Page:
Number and average duration of exhibitions/events per year.
We probably produce about 25 events or projects per year, some of them are ongoing series.

What kind of events are usually organized?
We produce small to mid-sized public programs (Solutions Twin CitiesSalon SaloonGive & TakeRiver City Revue) and other participatory public art projects (Neighbor MakersA PUBLIC THINGA Mile in Our Shoes). We’ve partnered with the Walker Art Center on a number of public programs (Opening the FieldCommons CensusField Office Fellowship). In 2012 we started working on a series of short films about local artists (State of the Artist). We’re increasingly interested in working as artists/designers at the neighborhood level with community associations, and currently have a handful of art and design projects underway.

How is your programming determined?
We produce projects that are interesting to us and hopefully meaningful to others. Sometimes funding determines which projects we prioritize, but all of our work is driven by what we are passionate about.

Do you accept proposals/submissions?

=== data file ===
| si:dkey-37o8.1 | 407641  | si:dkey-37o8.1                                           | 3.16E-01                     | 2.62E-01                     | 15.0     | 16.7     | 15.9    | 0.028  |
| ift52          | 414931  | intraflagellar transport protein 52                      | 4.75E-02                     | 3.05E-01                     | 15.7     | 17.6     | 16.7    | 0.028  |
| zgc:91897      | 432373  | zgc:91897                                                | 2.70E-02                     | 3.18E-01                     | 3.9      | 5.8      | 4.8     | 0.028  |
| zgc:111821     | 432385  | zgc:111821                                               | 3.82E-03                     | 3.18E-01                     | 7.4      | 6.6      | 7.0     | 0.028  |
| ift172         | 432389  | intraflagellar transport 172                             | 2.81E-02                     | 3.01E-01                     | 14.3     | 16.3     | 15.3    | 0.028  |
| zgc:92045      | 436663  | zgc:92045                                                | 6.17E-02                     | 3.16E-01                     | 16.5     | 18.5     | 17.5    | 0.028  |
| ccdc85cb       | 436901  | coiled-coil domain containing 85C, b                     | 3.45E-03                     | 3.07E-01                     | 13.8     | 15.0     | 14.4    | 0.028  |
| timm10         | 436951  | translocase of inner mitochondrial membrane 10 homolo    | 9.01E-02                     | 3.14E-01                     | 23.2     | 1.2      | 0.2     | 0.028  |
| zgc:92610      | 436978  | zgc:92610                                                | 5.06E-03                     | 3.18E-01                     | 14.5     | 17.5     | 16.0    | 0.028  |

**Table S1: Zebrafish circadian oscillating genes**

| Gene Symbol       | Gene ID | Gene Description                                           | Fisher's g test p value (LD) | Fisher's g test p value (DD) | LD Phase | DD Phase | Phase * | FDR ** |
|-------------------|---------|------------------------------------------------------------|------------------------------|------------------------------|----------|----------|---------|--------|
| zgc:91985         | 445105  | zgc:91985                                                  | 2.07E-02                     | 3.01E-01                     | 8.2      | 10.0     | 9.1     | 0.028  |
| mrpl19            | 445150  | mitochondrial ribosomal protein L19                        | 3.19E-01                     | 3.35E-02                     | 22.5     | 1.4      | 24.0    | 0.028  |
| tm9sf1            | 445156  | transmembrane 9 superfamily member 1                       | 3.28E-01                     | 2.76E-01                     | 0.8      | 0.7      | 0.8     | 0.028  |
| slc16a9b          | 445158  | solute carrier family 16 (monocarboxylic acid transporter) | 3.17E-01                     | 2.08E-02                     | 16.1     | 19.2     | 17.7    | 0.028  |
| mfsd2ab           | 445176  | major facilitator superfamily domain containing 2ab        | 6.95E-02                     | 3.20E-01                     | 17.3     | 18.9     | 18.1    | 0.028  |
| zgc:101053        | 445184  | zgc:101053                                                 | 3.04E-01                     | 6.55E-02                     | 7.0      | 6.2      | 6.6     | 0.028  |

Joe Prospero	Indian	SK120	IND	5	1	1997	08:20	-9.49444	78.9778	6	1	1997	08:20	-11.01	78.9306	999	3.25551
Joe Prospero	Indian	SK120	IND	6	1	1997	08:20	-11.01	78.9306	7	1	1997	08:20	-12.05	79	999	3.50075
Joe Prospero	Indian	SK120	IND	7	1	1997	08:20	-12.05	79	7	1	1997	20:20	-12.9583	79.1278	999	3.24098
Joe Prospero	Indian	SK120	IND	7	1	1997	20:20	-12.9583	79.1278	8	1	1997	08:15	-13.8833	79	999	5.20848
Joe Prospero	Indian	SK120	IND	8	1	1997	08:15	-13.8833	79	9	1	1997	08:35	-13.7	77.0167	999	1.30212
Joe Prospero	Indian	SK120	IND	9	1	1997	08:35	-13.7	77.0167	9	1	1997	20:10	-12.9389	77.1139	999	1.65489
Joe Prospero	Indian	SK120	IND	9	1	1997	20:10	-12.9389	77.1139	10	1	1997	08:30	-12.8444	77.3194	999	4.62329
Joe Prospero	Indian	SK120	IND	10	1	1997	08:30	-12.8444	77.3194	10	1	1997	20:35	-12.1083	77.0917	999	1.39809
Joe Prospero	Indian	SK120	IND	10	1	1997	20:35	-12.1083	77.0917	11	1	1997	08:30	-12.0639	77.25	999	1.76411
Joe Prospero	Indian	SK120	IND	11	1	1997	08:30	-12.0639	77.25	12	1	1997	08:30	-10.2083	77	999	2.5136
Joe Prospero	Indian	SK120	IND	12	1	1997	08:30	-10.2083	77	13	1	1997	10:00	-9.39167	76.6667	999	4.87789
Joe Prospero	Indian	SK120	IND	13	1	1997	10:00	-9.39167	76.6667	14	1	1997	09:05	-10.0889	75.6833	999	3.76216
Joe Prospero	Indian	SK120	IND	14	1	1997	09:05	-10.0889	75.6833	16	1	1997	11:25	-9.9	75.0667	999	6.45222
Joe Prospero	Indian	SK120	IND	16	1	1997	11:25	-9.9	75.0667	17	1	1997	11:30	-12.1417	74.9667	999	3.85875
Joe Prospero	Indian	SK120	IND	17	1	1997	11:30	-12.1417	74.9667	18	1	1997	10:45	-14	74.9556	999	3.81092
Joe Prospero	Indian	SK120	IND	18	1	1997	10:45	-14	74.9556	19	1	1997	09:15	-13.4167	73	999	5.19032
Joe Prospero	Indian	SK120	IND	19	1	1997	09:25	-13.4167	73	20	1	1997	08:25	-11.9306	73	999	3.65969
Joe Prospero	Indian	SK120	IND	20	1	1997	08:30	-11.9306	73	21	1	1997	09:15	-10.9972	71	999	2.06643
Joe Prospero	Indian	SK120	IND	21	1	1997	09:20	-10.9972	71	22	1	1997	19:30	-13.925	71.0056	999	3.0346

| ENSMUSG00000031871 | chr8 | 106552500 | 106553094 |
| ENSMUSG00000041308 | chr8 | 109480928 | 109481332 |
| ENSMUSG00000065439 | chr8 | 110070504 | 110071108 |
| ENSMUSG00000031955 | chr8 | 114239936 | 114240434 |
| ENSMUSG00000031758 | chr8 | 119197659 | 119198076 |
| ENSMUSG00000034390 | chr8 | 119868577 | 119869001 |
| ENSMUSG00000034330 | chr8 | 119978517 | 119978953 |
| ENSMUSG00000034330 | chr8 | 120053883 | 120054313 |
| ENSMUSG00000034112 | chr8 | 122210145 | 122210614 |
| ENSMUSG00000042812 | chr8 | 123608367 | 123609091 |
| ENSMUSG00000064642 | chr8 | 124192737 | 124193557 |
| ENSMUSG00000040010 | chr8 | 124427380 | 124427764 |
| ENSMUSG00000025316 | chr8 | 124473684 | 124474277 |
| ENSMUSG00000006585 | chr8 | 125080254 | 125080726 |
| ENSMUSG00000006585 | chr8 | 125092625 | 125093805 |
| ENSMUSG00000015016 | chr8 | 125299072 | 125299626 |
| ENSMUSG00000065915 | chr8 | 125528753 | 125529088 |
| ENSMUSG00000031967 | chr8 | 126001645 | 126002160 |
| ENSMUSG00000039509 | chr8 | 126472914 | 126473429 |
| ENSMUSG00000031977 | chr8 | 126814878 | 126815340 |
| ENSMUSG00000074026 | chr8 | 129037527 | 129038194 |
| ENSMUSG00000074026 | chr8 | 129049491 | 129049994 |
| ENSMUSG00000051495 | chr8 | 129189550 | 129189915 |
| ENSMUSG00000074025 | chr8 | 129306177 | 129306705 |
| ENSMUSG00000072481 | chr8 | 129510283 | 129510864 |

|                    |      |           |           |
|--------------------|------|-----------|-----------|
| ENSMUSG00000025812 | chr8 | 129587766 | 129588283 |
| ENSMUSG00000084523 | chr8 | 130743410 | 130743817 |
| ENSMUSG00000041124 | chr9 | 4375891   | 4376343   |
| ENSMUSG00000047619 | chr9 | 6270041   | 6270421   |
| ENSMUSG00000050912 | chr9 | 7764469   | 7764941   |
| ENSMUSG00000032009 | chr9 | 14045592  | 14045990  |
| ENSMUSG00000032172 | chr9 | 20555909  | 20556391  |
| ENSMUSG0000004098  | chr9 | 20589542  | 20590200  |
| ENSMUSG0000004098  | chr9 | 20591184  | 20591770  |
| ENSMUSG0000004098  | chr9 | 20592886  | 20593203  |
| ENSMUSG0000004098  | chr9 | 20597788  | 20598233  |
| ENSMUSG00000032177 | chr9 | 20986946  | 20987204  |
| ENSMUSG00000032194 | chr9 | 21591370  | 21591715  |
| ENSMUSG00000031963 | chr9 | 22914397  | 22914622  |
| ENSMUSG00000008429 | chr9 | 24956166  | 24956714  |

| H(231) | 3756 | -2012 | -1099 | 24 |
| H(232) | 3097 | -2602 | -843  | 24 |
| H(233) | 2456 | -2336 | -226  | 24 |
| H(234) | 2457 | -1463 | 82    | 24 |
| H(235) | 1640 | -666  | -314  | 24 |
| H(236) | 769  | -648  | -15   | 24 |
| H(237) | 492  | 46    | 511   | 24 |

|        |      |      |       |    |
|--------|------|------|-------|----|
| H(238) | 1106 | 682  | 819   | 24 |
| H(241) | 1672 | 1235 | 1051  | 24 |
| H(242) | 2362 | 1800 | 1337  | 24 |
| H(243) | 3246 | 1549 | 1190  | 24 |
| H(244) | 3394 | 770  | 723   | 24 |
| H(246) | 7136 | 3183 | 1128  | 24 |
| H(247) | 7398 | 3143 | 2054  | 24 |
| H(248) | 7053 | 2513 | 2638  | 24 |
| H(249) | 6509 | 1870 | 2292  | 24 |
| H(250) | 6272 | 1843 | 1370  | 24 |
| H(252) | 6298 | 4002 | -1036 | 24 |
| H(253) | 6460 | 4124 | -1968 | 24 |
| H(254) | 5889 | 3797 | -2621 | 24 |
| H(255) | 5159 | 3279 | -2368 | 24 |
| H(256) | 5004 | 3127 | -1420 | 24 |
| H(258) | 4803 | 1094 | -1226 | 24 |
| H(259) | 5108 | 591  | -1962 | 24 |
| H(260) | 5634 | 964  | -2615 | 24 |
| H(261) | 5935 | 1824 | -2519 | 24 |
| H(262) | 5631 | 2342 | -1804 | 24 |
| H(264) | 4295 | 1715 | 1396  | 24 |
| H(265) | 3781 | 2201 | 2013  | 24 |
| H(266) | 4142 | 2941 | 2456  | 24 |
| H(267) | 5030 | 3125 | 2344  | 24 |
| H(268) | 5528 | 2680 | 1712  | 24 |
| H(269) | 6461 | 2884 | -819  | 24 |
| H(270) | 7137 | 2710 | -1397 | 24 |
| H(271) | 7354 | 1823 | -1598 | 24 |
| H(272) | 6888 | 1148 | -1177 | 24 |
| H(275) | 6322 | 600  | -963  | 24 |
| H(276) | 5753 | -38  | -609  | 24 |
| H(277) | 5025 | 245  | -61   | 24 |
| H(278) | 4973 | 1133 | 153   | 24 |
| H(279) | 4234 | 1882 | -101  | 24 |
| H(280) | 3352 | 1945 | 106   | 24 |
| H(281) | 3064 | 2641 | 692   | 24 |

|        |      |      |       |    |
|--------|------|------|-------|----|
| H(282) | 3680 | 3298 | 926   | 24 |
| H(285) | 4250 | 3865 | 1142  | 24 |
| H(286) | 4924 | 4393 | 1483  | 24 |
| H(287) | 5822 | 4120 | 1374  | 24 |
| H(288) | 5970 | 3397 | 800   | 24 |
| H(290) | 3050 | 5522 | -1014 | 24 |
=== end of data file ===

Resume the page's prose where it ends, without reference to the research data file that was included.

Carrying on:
Not at the moment, but we just moved our studio into an old corner grocery store in Northeast Minneapolis and are planning to launch a residency program in 2013. We hope to be accepting proposals for projects sometime next year.

What is your artistic/curatorial approach?
We create collaborative projects that inspire, inform and connect; catalyzing relationships across creative and cultural boundaries; and providing new platforms for public engagement. We’re especially interested in creating projects where art, design, science, and civics are practiced publicly and in conversation with each other.

What’s working? What’s not working?
We’ve been able to support ourselves at this for 2 years now, so something must be working! We love our work, and have been able to expand our network of collaborators and audiences over the years in ways that are exciting and make the work better. We are constantly in a state of learning as we go. What’s not working? Some people see us as “messy” and confusing that can scare away potential funders or supporters.

What kind of role do you hope to play in your local art scene or community?
We hope to continue creating work that helps catalyze a sense of place and community, connecting people and ideas that might otherwise remain disparate. We’re preparing to open up our storefront, Whole City, for public programs and projects that explore the multi-disciplinary public practice of city-making. We see an increasing need for a place in the Twin Cities where this practice can be archived, expanded upon, and built up in community.

What idea are you most excited about for the future?
Both Saint Paul and Minneapolis have embraced artists as professional city-makers and are giving them a seat at the table in city departments like Public Works and Planning. This is incredibly exciting to us!
Images courtesy of Works Progress.